13 Gen Buying residential property in New York City
by Maurizio Gardenal partner, Studio legale internazionale Gardenal & Associati Milano, and Anthony Bruozas, Attorney at Law
Articolo pubblicato su “Diritto 24″, rubrica del Sole24Ore.com, 13 gennaio 2012
The purchasing of residential properties in the USA by foreigners , notably in New York City, has always accounted for a significant part of the whole turnover of this industry.
In recent years, more remarkably than in the past, Europeans have shown more interest in investing in this business due to the increasingly more beneficial exchange rate between the Euro and the Dollar.
Manhattan, in particular, keeps on appealing to a growing number of investors due to its limited supply along with more stable prices in spite of the financial crisis.
According to a recent survey, New York is the 15th most expensive city in the world, behind Moscow and London among others.
However , the execution of a property deal in New York requires that the investor be fully aware of the legal and fiscal framework in force in the USA which is essentially different from that of other countries which are not recipients of the same common law system.
Further, more specific issues have to be taken into account in light of the fact that the “Big Apple” is subjected to the laws in force in the New York State.
In New York City there are mainly two types of residential buildings: cooperative and condominium apartments which are submitted to two different sets of regulations.
Hereunder is a brief analysis of the two main categories.
THE COOPERATIVES ( Co-ops )
In New York City , eighty-five percent ( 85% ) of the apartments available for purchase are in cooperative buildings, while the remaining fifteen percent ( 15% ) are in condominiums.
This means that the prices, in general, are more attractive for cooperatives on the basis of the simple supply and demand logic, and there is more inventory to choose from if the buyer includes co-ops into the mix of properties.
Indeed, the nature of the sale agreement quite varies between co-ops and condos.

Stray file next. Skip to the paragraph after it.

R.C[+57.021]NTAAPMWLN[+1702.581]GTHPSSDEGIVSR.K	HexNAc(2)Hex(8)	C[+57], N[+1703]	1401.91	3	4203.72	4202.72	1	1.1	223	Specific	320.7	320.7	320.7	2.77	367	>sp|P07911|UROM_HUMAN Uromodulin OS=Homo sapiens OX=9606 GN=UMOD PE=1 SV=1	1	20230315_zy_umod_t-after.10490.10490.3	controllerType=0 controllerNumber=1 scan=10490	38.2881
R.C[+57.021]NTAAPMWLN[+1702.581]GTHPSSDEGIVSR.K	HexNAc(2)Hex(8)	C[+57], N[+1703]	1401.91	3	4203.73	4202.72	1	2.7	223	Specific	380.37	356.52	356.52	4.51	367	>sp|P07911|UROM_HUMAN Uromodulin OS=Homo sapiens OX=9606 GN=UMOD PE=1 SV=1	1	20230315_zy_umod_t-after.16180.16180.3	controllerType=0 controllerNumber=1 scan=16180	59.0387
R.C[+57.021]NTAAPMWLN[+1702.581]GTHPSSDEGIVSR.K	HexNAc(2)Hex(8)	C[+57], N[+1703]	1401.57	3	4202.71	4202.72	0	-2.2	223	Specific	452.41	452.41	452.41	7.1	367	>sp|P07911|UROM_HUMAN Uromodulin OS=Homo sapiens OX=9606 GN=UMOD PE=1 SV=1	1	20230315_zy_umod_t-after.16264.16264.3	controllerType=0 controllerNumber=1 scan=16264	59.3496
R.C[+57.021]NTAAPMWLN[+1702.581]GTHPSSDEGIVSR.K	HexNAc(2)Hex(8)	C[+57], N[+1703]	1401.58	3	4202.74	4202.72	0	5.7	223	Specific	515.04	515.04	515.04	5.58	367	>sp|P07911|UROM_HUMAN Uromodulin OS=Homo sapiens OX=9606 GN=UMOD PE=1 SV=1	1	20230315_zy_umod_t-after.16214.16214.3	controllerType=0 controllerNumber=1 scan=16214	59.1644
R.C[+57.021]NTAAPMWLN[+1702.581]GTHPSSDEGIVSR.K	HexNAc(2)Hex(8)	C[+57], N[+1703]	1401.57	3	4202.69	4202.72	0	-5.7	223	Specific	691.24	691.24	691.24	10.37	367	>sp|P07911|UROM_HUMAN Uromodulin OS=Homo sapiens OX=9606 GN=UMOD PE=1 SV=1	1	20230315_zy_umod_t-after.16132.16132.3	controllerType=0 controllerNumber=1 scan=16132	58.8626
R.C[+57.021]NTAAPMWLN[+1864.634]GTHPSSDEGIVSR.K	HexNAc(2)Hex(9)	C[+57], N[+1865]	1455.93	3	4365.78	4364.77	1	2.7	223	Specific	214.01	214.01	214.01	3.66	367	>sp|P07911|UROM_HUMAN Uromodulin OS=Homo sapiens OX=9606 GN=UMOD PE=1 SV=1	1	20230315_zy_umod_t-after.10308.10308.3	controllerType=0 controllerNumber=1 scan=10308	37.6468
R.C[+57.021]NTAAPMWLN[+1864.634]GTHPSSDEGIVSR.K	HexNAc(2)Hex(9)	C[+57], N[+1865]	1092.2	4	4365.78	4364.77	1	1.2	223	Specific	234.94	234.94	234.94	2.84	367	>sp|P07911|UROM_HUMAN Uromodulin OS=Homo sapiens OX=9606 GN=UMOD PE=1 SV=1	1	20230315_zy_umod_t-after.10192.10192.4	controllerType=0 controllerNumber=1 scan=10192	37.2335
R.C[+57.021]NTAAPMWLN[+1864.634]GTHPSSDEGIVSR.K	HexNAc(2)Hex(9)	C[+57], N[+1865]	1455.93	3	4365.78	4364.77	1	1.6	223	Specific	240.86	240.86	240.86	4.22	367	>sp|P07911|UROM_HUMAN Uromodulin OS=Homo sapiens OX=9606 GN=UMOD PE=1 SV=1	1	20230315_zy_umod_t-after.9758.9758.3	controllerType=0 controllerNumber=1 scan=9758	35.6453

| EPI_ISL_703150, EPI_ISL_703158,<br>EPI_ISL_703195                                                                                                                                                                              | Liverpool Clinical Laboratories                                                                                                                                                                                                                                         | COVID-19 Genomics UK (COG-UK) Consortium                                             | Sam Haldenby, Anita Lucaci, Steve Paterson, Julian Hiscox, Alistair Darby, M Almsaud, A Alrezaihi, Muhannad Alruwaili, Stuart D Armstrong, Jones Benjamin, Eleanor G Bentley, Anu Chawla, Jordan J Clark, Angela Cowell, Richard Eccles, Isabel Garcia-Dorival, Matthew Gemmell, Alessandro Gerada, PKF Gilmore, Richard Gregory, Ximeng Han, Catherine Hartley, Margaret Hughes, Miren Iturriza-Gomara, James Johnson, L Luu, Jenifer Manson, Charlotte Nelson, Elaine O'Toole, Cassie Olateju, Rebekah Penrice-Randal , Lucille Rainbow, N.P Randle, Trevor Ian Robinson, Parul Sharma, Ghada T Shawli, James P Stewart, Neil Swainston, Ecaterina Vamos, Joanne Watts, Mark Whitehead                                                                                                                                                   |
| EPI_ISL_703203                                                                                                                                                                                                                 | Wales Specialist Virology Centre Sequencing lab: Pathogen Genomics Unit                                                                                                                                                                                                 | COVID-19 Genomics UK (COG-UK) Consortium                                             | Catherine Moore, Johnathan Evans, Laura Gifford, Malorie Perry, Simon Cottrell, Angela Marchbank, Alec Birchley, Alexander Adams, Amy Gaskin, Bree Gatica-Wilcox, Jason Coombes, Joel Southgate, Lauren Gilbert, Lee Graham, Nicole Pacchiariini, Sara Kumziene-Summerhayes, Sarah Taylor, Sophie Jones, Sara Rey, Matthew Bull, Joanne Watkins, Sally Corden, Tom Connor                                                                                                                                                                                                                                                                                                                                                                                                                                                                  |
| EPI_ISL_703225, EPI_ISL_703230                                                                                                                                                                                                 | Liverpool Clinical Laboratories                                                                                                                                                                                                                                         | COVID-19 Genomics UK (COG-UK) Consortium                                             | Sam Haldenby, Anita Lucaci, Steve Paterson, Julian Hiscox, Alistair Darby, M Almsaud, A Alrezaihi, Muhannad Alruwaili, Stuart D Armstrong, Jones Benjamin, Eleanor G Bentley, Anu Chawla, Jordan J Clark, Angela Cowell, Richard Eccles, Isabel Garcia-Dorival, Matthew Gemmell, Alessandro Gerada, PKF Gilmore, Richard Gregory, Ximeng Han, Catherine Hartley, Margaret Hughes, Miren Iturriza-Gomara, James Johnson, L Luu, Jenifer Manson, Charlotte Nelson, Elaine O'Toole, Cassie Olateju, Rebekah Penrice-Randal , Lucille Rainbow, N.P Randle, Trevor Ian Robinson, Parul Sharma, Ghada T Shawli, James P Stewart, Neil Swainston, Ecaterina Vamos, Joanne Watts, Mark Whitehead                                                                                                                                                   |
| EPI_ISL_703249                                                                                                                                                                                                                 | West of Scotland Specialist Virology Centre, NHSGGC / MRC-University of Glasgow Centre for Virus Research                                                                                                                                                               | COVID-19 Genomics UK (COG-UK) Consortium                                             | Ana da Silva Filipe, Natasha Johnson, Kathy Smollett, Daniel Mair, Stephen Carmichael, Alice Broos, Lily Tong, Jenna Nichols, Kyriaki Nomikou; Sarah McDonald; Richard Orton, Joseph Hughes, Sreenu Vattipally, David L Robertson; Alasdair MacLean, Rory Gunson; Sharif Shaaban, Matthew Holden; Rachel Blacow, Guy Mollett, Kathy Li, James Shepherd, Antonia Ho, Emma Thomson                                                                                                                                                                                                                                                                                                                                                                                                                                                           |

In a co-op, the buyer purchases the shares of a corporation which entitle him to a long- term proprietary lease. The corporation owns the building and each sale has to be approved by the board of directors which is elected by all the tenant owners of the co-op and has the role to verify and check any potential owner.
In many cases, the board of directors interviews the prospective owners since the former have the sole responsibility to protect the interests of their fellow tenant-owners by selecting well-qualified candidates.
Likewise, the sublease of a co-op has to be approved by the board of directors.
Generally speaking as regards Manhattan, the amount of money that may be financed is determined by each cooperative and the required down payment for prospective foreign investors may be up to 40% of the purchase price.
The corporation pays the total amount of the building’s mortgage along with the real estate taxes, employee salaries and the other expenses for the upkeep of the building.
The tenant-owner, in turn, pays a share of these expenses as determined by the number of shares which the tenant owns in the corporation.
Share amounts are dictated by apartment size and floor level.
Needless to say, it is highly crucial to check out in advance the rules governing the co-op to better plan the implementation of the sale transaction.
THE CONDOMINIUMS ( “Condos “ )
The purchase of an apartment in a “condo” is much more similar to a traditional transaction for purchase of property known in the civil law countries.
Indeed, the subject of the sale agreement is not a share participation but the real property itself.
Therefore, the buyer executes a deed and becomes the owner of the real estate. As a result of this, he will have to comply with the general condominium regulations. In any case, it is advisable for a prospective purchaser to review the condo’s rules before setting about the transaction process.
Anyway, condos seem to be the ideal choice for non-U.S. citizens or for those holding assets outside the United States because many co-ops are unlikely to approve a buyer whose funds are not in the U.S.
In a “condo” the owner has to pay the common charges on a monthly basis, which do not include real estate taxes or the mortgage costs since these are paid separately by each owner.
Most people see “condos” as attractive purchases also for financial- planning purposes.
Financing the purchase of a condominium apartment is far more flexible than in a cooperative and generally a buyer can finance up to 90% of the purchase price.
Instead, the financing in a “co-op” is managed by the corporation and must be implemented within the limits which are determined by the corporation itself.
On the other hand, as pointed out before, the prices for an apartment in a “condo” are typically higher than in a “co-op”.